I was watching ‘Eat, Pray, Love’. I know it’s the kind of story that a lot of us sophisticated types turn up our noses at and say “First World problems”. It’s also a story that made me hungry. How wonderful that the first raw mangoes of summer are here and I had one to accompany my sambar rice!
What struck me is the absolute absence of kindness, the hardness of our reactions. How can any one of us possibly measure what pain means to another? Who can truly determine which problems are bigger than others?
A successful white woman in an unhappy marriage versus an orphaned brown child in a war-ravaged country. Yes, I know it seems like there’s an obvious answer to whose problems are worse. Is there? Testicular cancer versus breast cancer. Arthritis versus colic pain. Diabetes versus malnourishment. An abusive partner versus a beloved partner who dies young. Our own problems are always the biggest to us.
I am learning a lesson of empathy.
If I were the chief minister of a state, I might have to make a decision between using my limited funds to either build better transportation in the cities or send relief to drought-striken villages. I can imagine I would have to weigh one problem against another and decide which one merited more time and money. But empathy is not a finite resource. It grows the more you practise it.
I know the real reason we don’t want to be kind. It’s not because we have so little of it to give. It’s because being kind means giving up the chance to blame the other person and play victim.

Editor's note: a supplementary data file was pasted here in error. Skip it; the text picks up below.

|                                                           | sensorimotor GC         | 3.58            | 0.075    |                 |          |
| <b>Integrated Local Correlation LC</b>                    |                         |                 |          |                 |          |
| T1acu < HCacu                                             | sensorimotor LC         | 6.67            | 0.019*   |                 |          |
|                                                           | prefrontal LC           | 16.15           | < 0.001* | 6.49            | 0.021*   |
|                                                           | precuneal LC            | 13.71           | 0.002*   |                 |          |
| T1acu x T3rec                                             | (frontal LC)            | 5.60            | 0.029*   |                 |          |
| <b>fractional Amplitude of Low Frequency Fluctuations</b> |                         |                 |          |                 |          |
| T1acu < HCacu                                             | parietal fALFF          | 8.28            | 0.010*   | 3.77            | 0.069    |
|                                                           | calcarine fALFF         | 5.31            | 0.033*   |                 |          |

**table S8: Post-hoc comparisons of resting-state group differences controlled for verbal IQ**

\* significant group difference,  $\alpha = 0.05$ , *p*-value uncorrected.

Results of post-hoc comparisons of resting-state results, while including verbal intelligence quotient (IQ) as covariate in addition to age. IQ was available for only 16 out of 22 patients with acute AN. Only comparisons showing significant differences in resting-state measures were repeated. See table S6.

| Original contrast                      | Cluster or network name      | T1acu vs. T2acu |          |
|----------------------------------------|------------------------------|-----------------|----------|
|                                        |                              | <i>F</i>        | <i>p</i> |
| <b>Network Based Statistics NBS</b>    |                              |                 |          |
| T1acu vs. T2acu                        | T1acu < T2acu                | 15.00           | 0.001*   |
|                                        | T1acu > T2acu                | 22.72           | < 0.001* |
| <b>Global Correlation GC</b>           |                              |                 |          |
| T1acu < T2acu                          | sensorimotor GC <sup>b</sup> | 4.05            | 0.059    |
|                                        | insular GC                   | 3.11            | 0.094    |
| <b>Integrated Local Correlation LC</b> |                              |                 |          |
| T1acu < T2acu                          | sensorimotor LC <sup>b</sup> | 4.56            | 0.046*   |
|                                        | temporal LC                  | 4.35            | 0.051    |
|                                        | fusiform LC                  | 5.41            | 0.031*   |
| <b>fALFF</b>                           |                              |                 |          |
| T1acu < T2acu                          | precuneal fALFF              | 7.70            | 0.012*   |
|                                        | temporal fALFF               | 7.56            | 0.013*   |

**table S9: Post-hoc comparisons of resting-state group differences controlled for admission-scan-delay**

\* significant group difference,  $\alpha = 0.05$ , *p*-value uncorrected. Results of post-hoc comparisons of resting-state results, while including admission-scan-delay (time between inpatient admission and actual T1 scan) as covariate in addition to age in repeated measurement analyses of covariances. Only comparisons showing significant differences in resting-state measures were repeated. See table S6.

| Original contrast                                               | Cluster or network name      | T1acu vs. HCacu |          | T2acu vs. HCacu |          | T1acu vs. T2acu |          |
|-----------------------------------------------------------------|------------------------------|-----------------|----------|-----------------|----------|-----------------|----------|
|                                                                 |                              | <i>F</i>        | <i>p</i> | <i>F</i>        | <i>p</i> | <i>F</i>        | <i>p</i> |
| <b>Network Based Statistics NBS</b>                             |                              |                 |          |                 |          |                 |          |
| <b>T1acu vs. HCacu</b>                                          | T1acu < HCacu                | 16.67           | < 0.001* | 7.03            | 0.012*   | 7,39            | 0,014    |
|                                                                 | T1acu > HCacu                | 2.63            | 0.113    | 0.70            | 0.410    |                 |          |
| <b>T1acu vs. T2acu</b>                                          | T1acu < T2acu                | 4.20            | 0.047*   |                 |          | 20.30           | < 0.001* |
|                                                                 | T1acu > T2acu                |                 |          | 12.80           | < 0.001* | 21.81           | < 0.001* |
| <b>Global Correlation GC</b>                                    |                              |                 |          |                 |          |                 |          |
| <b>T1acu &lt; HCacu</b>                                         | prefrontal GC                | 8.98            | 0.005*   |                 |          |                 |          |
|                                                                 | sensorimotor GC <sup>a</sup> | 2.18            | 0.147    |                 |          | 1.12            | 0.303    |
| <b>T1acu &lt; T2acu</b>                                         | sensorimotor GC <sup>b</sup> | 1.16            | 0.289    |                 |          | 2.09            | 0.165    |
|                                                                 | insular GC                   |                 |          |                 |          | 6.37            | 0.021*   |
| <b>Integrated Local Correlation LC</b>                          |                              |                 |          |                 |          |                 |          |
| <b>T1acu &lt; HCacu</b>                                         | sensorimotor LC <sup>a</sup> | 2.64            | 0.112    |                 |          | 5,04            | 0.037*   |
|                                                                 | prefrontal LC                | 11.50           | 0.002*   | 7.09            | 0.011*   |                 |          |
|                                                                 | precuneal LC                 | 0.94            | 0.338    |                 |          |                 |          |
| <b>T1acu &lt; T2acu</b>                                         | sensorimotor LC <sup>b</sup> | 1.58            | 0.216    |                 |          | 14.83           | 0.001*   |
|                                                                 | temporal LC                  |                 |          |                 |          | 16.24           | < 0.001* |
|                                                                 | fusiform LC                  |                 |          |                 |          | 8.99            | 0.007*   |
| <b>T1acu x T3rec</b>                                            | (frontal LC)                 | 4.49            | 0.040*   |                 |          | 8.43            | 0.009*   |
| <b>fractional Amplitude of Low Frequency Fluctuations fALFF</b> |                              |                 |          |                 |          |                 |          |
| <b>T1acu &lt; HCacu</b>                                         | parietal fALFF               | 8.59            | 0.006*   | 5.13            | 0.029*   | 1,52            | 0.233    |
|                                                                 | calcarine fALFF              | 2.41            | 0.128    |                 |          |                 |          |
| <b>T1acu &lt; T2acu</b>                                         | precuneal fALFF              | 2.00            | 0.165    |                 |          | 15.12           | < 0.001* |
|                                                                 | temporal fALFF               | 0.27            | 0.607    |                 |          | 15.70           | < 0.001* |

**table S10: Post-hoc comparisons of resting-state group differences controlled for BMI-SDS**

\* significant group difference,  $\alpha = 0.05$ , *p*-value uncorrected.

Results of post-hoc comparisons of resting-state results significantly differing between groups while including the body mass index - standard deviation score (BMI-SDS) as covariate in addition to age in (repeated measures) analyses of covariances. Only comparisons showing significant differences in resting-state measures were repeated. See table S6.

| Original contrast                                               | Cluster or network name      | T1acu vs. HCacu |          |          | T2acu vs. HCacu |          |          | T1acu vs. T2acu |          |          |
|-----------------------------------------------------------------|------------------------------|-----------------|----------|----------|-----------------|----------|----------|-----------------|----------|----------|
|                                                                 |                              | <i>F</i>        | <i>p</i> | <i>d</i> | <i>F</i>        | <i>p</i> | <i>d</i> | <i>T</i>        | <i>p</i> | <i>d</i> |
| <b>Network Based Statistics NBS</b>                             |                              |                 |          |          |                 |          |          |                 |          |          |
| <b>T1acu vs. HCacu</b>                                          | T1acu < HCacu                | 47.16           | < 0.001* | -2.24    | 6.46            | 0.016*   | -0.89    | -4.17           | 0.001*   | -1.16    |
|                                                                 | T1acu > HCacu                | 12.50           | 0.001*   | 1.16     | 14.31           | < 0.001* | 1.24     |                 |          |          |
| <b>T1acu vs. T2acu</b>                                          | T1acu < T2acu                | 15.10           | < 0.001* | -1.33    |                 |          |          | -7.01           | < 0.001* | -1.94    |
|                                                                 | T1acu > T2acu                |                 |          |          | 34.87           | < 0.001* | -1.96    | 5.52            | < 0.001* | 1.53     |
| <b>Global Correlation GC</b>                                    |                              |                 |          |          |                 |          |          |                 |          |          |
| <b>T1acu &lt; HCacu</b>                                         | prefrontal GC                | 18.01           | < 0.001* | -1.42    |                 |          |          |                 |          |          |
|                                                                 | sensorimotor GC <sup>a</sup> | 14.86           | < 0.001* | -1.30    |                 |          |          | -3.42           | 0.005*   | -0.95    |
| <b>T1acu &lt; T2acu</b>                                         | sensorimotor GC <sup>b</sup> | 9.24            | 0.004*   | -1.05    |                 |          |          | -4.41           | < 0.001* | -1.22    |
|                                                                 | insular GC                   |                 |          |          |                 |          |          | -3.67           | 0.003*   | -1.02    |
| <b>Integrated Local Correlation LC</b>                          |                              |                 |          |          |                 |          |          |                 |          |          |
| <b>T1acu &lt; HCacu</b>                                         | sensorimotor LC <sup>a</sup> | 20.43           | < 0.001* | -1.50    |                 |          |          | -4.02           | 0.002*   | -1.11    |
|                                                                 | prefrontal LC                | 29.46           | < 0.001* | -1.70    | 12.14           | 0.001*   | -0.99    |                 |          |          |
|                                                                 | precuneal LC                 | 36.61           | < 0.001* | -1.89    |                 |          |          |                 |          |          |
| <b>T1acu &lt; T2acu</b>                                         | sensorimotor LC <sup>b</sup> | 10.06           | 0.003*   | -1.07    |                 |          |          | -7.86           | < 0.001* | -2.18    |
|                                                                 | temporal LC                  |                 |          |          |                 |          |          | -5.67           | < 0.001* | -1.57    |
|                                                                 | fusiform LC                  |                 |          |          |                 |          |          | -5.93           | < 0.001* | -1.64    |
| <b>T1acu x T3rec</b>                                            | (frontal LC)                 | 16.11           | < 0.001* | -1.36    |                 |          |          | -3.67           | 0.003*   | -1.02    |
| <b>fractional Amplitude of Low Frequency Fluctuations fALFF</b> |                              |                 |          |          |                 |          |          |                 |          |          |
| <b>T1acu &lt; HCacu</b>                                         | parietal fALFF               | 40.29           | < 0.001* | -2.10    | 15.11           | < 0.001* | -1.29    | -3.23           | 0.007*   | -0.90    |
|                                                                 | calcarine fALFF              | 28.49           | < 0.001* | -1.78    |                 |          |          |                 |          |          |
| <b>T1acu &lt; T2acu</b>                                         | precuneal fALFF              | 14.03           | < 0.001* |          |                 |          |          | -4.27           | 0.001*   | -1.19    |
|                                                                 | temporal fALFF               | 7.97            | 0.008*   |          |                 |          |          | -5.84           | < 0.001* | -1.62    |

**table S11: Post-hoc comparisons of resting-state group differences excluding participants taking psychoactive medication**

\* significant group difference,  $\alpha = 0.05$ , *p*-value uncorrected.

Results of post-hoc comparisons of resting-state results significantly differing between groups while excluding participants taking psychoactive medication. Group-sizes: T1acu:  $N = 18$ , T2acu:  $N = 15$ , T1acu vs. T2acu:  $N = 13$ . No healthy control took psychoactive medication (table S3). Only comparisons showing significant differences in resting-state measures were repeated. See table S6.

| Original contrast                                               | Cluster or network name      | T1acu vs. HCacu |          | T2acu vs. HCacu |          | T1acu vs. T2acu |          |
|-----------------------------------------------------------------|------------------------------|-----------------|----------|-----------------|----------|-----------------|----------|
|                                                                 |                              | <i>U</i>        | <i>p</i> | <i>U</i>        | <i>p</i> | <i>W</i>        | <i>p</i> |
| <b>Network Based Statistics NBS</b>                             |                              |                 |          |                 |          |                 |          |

I thought about my ex. There is so much pain in this memory. But then, there is also sweetness when I let myself acknowledge that. Our relationship began with kindness. At some point of time, we forgot that and we became people who competed with each other. Kindness was lost in our mutual me-firsts and love went down the drain. We haven’t changed. All the things about him that touched me are still true. It is also true that he was cruel and cold and it was unfair. These two ways of making me feel, can exist together in the same person and the same world. Acknowledging this, is my act of being empathetic to myself. How often do we do this for ourselves? I know we don’t. We scream our hurt and we disguise our love. Or the other way round. But we rarely acknowledge and honour either one. Well, I’m doing that now.
I won’t take the self-help angle of give empathy in order to receive empathy. Karma is not a business transaction. This is about how lightly you tread, how smoothly you move through life. I know a lot of people will not be kind back. Many laugh. And a lot of people in the kind of hardbitten, cynical city life I live, may even try to hurt me.
But I think I’ve stumbled onto something here. I’ve survived deaths of family, friends and colleagues. I’ve survived abuse and rape. I’ve survived politicking and three recessions. These are not experiences I treasure so why would I want to put them up on a pedestal and determine my life by them? There is a lightness in not knowing, not remembering, not worrying. And I would rather look forward to a life that’s a feast, a carnival, a haven, not one that’s a battlefield. Empathy makes all of the first possible, cynicism makes the last.
Exactly a month ago I wrote about the desperation of feeling nothing. I was sinking into the quicksand of what my life was then. A month before that I sliced my deepest emotions with a scalpel of resignation. This past month, I’ve cried a lot, broken out in acne, fallen sick five of these weeks and had a baffling period. I have lost two close friendships. A goodbye I’ve been ignoring and dreading is here. I have also met someone I like. I’ve been taking a lot of walks. I’ve been to the sea more often than I have in two years. And look at how much I’ve written in this time. Something is shifting, something is giving. Something definitely is happening.
And from what I thought was ennui, something new is coming. Maybe tomorrow I will have pizza.